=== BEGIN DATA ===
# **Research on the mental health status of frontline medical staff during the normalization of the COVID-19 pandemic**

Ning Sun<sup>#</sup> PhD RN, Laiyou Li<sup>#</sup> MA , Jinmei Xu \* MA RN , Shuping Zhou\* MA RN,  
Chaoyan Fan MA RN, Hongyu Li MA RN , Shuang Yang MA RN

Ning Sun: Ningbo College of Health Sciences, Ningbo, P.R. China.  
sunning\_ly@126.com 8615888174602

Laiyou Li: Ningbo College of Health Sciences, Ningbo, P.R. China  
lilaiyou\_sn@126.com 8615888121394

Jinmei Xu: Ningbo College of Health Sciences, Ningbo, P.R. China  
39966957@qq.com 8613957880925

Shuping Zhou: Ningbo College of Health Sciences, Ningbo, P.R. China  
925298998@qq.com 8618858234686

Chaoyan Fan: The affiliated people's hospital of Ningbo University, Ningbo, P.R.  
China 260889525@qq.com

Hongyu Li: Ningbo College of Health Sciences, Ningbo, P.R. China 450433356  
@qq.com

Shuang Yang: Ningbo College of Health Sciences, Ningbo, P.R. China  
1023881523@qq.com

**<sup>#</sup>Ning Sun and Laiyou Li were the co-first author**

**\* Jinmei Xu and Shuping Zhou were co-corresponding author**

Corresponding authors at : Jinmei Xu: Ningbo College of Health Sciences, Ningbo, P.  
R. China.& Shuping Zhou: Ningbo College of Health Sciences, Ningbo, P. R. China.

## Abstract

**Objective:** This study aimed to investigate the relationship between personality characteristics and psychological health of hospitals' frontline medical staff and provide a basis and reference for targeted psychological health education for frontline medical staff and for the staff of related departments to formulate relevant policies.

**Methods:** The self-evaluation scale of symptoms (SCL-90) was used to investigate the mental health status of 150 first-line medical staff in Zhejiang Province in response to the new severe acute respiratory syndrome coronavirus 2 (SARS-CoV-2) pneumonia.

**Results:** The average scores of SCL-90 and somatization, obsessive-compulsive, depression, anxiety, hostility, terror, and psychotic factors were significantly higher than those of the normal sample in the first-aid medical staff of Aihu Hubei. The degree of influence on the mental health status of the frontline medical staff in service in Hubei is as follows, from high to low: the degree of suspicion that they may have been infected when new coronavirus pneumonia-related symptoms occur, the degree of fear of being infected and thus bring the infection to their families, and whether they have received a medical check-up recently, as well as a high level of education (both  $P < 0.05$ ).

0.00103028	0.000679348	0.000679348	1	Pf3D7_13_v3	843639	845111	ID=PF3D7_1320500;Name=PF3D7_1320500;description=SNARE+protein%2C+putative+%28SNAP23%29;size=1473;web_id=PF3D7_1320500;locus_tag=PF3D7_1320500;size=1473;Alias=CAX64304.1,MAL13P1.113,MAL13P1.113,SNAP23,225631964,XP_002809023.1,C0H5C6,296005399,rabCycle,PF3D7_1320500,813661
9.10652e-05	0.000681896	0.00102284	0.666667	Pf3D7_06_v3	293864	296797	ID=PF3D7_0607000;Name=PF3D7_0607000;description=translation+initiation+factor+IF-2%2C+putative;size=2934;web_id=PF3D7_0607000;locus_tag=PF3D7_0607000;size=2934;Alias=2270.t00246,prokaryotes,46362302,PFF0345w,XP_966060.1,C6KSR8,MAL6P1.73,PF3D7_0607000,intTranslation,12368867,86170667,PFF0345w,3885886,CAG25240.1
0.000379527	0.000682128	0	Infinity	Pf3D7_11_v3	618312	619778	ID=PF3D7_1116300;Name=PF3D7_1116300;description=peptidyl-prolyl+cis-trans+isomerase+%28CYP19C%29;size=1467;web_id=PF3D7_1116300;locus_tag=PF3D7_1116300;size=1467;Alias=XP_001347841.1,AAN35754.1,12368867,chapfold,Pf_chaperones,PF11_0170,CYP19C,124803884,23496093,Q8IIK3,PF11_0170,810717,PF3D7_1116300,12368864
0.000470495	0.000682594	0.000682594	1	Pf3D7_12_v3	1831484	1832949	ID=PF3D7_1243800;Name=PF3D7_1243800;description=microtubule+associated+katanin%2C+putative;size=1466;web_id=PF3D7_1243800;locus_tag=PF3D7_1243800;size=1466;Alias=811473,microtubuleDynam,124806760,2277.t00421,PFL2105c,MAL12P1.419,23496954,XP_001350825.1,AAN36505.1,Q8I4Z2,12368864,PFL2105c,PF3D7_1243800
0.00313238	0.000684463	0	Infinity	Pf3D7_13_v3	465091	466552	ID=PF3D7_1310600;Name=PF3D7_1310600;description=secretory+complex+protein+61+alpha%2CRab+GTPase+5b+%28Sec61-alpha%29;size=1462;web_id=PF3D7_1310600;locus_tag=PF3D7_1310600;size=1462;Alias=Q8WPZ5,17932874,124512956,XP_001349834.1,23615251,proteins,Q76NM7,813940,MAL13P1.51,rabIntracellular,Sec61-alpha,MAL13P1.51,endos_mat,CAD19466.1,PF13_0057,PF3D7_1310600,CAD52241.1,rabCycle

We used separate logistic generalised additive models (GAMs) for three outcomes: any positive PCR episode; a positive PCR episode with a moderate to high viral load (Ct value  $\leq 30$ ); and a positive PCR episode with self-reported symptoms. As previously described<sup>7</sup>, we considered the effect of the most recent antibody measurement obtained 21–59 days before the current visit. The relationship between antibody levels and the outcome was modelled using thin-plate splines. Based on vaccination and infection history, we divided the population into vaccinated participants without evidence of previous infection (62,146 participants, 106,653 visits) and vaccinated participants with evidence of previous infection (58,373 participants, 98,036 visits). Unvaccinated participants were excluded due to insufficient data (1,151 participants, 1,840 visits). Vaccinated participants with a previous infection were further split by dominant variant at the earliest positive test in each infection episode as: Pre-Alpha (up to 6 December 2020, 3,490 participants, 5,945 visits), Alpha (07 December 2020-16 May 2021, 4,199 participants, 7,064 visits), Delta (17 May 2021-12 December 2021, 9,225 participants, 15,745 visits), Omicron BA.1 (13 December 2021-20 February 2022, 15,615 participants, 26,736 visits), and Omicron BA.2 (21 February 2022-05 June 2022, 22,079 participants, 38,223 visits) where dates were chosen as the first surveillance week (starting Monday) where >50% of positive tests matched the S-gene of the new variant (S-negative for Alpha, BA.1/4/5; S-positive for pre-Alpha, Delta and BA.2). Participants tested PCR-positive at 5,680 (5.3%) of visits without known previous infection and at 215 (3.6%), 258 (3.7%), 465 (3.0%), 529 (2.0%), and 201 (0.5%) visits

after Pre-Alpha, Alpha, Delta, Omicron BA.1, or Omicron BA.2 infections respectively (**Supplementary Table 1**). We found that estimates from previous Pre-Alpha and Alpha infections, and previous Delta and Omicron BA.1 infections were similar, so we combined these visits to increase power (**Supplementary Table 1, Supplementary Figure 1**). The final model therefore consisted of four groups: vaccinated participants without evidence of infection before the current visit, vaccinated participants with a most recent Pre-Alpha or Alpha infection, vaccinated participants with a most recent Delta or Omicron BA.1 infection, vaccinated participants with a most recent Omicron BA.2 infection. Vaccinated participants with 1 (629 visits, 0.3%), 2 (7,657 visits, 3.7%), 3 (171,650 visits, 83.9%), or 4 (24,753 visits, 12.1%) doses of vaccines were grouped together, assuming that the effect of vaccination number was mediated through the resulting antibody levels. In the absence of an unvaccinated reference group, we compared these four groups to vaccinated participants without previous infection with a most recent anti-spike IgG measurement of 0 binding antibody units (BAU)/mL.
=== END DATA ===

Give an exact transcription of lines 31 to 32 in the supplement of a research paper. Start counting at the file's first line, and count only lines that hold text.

We used separate logistic generalised additive models (GAMs) for three outcomes: any positive PCR episode; a positive PCR episode with a moderate to high viral load (Ct value  $\leq 30$ ); and a positive PCR episode with self-reported symptoms. As previously described<sup>7</sup>, we considered the effect of the most recent antibody measurement obtained 21–59 days before the current visit. The relationship between antibody levels and the outcome was modelled using thin-plate splines. Based on vaccination and infection history, we divided the population into vaccinated participants without evidence of previous infection (62,146 participants, 106,653 visits) and vaccinated participants with evidence of previous infection (58,373 participants, 98,036 visits). Unvaccinated participants were excluded due to insufficient data (1,151 participants, 1,840 visits). Vaccinated participants with a previous infection were further split by dominant variant at the earliest positive test in each infection episode as: Pre-Alpha (up to 6 December 2020, 3,490 participants, 5,945 visits), Alpha (07 December 2020-16 May 2021, 4,199 participants, 7,064 visits), Delta (17 May 2021-12 December 2021, 9,225 participants, 15,745 visits), Omicron BA.1 (13 December 2021-20 February 2022, 15,615 participants, 26,736 visits), and Omicron BA.2 (21 February 2022-05 June 2022, 22,079 participants, 38,223 visits) where dates were chosen as the first surveillance week (starting Monday) where >50% of positive tests matched the S-gene of the new variant (S-negative for Alpha, BA.1/4/5; S-positive for pre-Alpha, Delta and BA.2). Participants tested PCR-positive at 5,680 (5.3%) of visits without known previous infection and at 215 (3.6%), 258 (3.7%), 465 (3.0%), 529 (2.0%), and 201 (0.5%) visits

after Pre-Alpha, Alpha, Delta, Omicron BA.1, or Omicron BA.2 infections respectively (**Supplementary Table 1**). We found that estimates from previous Pre-Alpha and Alpha infections, and previous Delta and Omicron BA.1 infections were similar, so we combined these visits to increase power (**Supplementary Table 1, Supplementary Figure 1**). The final model therefore consisted of four groups: vaccinated participants without evidence of infection before the current visit, vaccinated participants with a most recent Pre-Alpha or Alpha infection, vaccinated participants with a most recent Delta or Omicron BA.1 infection, vaccinated participants with a most recent Omicron BA.2 infection. Vaccinated participants with 1 (629 visits, 0.3%), 2 (7,657 visits, 3.7%), 3 (171,650 visits, 83.9%), or 4 (24,753 visits, 12.1%) doses of vaccines were grouped together, assuming that the effect of vaccination number was mediated through the resulting antibody levels. In the absence of an unvaccinated reference group, we compared these four groups to vaccinated participants without previous infection with a most recent anti-spike IgG measurement of 0 binding antibody units (BAU)/mL.